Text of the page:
Field trials with low nicotine tobacco varieties developed by conventional breeding technique: first results
In 2015, the World Health Organisation (WHO) Study Group on Tobacco Product Regulation (“TobReg”) issued an advisory note recommending a strategy of reducing nicotine in tobacco to substantially lower levels of 0.4 mg/g. In the U.S., the Food and Drug Administration (FDA) is also actively considering this option.
Nicotine levels in the plant cannot be reduced without the development and availability of relevant new cultivars and massive changes in agronomic practices as it is a naturally synthesized alkaloid. Furthermore, to achieve viable “Very Low Nicotine” or VLN levels an extensive and lengthy research programme into targeted genetic manipulations would be necessary.
Following the publication of the WHO advisory note, a collaboration between breeders, leaf suppliers, farmers, and manufacturers was initiated in 2016. The aim was to assess low nicotine tobacco varieties in natural growing environments when both normal and extreme agricultural practices were applied. Both non-commercial and commercial Burley and flue-cured varieties were tested. Low nicotine varieties and controls were developed with conventional breeding techniques; GMOs were excluded due to regulatory restrictions on their use. The assessment focused on resistance to disease, leaf quality and taste, yields and farmer livelihood. Field trials were conducted in Zimbabwe and Malawi with the support of the Tobacco Research Board (TRB) and Agricultural Research and Extension Trust (ARET).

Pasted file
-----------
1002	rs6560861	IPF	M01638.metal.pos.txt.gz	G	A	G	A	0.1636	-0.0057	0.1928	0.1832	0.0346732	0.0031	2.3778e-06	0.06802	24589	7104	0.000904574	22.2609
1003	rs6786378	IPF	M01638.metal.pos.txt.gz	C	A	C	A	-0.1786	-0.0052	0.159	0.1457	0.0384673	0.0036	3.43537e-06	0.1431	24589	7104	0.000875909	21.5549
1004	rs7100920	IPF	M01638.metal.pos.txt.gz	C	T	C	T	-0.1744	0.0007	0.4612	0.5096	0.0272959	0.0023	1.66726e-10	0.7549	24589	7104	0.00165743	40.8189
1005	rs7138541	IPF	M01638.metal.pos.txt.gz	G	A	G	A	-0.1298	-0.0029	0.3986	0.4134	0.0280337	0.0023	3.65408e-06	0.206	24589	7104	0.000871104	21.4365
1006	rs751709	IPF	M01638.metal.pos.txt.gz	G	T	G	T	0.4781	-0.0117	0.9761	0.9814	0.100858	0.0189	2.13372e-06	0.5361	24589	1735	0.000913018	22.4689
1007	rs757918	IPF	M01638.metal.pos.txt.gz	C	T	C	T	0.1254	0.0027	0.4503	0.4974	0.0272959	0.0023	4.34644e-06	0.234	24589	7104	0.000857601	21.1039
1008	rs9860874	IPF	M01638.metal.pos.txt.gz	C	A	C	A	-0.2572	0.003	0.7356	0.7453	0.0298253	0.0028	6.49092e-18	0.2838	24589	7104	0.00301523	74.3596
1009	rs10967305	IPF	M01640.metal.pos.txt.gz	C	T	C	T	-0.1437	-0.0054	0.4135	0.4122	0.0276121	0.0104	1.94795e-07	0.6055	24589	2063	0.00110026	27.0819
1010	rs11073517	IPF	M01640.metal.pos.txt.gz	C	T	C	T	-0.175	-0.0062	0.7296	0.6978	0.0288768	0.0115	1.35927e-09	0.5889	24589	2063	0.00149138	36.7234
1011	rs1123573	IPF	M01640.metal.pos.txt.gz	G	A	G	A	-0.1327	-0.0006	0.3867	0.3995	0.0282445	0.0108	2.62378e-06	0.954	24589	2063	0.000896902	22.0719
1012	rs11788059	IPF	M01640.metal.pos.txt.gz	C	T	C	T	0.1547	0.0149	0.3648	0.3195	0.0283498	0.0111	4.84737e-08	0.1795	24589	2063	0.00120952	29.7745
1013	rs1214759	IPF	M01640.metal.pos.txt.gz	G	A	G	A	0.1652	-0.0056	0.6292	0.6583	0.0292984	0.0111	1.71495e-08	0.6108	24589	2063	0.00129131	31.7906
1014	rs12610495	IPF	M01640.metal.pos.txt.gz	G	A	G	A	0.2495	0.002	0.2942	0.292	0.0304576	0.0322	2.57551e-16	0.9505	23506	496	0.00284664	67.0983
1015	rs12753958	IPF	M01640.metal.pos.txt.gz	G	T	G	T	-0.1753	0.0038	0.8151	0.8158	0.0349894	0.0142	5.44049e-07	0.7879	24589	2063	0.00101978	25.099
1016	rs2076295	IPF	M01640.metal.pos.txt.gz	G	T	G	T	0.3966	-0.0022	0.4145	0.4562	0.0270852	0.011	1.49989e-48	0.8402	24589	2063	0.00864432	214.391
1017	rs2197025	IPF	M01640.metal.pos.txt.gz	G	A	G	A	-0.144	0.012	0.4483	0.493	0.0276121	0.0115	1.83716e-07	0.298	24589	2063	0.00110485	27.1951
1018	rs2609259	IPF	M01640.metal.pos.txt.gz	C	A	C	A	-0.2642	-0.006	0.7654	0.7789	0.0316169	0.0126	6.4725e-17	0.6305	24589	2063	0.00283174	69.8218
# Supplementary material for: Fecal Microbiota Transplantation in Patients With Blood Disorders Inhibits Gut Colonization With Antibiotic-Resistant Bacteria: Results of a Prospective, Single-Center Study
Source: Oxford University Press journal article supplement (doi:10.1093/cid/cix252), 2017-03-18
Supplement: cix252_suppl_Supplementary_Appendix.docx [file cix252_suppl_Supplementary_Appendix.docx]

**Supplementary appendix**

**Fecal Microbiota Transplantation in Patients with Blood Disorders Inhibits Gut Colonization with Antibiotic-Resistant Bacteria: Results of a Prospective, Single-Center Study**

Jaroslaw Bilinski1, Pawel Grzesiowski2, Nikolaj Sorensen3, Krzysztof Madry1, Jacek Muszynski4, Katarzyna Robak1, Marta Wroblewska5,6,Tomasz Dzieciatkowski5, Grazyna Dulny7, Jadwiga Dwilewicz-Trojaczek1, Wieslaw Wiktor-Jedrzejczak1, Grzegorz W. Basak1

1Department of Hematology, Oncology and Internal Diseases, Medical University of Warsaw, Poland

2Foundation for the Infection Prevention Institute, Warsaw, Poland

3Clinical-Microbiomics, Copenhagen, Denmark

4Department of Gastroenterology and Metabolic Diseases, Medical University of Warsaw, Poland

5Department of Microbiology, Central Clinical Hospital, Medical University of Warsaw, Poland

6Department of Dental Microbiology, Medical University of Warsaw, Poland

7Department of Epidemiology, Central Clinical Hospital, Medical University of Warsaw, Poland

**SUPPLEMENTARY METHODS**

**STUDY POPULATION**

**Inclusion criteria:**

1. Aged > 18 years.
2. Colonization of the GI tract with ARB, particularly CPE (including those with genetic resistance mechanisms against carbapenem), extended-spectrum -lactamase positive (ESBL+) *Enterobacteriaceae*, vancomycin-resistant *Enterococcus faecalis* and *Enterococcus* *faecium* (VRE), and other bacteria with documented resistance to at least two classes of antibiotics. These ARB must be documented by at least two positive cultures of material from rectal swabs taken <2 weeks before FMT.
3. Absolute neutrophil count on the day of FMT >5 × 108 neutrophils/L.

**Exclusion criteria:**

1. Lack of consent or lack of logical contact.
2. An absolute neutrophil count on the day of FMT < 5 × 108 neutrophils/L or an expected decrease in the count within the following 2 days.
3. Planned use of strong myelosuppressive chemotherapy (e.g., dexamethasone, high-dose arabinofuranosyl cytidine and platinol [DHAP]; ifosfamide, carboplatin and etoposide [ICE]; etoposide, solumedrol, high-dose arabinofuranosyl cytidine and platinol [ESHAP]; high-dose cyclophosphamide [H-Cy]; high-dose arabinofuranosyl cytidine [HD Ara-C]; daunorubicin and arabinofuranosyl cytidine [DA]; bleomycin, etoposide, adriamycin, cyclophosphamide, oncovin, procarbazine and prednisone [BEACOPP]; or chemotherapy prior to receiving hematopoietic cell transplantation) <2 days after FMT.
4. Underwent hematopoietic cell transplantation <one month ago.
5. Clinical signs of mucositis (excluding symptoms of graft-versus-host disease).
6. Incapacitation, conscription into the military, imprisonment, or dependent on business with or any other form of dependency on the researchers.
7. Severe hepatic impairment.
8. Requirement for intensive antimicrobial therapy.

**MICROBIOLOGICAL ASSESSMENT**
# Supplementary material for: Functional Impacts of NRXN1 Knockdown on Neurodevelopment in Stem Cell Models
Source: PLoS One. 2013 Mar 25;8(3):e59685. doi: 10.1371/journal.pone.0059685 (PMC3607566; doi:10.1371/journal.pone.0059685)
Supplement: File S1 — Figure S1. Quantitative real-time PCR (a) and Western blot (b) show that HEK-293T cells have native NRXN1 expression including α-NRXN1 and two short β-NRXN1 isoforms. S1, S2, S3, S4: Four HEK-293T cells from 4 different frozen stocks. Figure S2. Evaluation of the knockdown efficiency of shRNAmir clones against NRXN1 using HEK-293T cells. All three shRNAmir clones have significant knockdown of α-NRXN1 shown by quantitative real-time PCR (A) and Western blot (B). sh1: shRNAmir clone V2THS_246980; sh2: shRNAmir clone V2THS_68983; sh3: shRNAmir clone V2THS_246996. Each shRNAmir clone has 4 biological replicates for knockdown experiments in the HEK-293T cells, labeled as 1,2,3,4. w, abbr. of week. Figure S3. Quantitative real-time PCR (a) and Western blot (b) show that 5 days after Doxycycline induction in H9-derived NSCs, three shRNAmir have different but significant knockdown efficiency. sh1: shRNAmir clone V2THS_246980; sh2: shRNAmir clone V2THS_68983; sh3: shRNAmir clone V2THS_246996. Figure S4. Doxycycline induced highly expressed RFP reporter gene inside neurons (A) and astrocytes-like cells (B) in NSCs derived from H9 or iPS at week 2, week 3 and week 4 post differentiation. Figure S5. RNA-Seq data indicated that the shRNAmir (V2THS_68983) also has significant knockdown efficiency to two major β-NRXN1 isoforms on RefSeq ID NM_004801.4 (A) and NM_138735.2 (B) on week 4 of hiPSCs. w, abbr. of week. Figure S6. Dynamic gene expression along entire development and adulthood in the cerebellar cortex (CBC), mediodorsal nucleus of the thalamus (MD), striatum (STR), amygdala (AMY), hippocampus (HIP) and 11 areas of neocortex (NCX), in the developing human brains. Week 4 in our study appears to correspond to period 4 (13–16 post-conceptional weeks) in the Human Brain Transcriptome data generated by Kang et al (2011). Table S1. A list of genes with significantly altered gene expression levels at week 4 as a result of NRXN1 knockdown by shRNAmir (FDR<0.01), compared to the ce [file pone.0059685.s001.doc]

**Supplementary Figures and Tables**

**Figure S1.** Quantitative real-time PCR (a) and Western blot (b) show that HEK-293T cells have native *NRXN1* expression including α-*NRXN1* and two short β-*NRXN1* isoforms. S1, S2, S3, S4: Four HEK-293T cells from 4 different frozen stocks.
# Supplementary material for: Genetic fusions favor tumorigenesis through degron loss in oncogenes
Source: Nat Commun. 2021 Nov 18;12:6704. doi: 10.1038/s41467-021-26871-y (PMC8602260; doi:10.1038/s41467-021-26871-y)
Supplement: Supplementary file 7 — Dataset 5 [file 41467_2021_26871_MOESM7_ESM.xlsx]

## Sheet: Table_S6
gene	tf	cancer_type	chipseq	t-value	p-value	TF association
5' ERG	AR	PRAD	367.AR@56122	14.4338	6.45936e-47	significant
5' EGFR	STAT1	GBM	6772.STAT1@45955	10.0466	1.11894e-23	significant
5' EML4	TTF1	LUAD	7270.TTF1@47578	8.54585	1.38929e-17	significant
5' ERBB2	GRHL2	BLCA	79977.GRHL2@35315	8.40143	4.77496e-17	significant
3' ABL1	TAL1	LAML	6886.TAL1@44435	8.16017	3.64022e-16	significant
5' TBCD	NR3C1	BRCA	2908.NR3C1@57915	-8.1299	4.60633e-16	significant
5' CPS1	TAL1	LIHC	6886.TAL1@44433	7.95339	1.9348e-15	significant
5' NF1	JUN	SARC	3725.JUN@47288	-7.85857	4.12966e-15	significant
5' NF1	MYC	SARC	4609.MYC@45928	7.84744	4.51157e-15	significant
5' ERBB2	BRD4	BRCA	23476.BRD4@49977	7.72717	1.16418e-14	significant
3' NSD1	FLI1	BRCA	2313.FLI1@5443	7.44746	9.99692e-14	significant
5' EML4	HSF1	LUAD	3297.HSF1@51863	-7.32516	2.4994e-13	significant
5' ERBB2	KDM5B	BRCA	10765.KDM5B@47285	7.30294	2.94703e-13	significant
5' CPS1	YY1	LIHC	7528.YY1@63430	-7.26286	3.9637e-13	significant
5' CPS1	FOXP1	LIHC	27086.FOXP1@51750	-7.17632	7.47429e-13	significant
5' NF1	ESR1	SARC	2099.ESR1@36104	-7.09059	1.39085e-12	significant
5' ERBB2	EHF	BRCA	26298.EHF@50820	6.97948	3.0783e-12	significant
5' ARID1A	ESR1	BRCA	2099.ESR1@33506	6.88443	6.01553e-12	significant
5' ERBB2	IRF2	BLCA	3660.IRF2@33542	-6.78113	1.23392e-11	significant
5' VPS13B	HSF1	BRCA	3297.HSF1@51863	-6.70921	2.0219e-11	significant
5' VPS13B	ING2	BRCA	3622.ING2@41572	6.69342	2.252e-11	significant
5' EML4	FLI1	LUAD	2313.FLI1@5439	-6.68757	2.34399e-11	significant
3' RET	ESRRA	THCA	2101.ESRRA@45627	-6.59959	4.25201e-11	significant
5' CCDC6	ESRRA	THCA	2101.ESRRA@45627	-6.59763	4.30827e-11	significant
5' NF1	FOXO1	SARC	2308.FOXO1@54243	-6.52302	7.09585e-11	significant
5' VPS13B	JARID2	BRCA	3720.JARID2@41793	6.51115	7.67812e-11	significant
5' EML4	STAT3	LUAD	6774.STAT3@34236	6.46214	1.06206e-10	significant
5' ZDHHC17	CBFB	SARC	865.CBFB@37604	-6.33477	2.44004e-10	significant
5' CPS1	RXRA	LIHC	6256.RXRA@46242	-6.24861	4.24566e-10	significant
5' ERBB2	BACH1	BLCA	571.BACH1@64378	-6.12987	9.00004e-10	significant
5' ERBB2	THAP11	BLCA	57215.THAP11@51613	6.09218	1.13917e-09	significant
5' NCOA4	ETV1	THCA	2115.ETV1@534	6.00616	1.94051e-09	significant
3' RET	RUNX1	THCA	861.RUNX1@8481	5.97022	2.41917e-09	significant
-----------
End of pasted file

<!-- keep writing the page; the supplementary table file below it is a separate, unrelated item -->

The first results showed low yields (around a 50 % reduction), poor aromatic characteristics, low quality and commercial value, with levels of nicotine still higher (>0.5 %dwb) than the WHO published target. These results raise a number of concerns from both a technical agronomy perspective and, more significantly, from the perspective of sustainable farming economics.
Additional investigations and field trials are planned to explore to what extent and duration improvements can be achieved. This is clearly a long-term project, as the development of viable new cultivars with reduced nicotine could take a decade, and commercialisation on a larger scale still longer.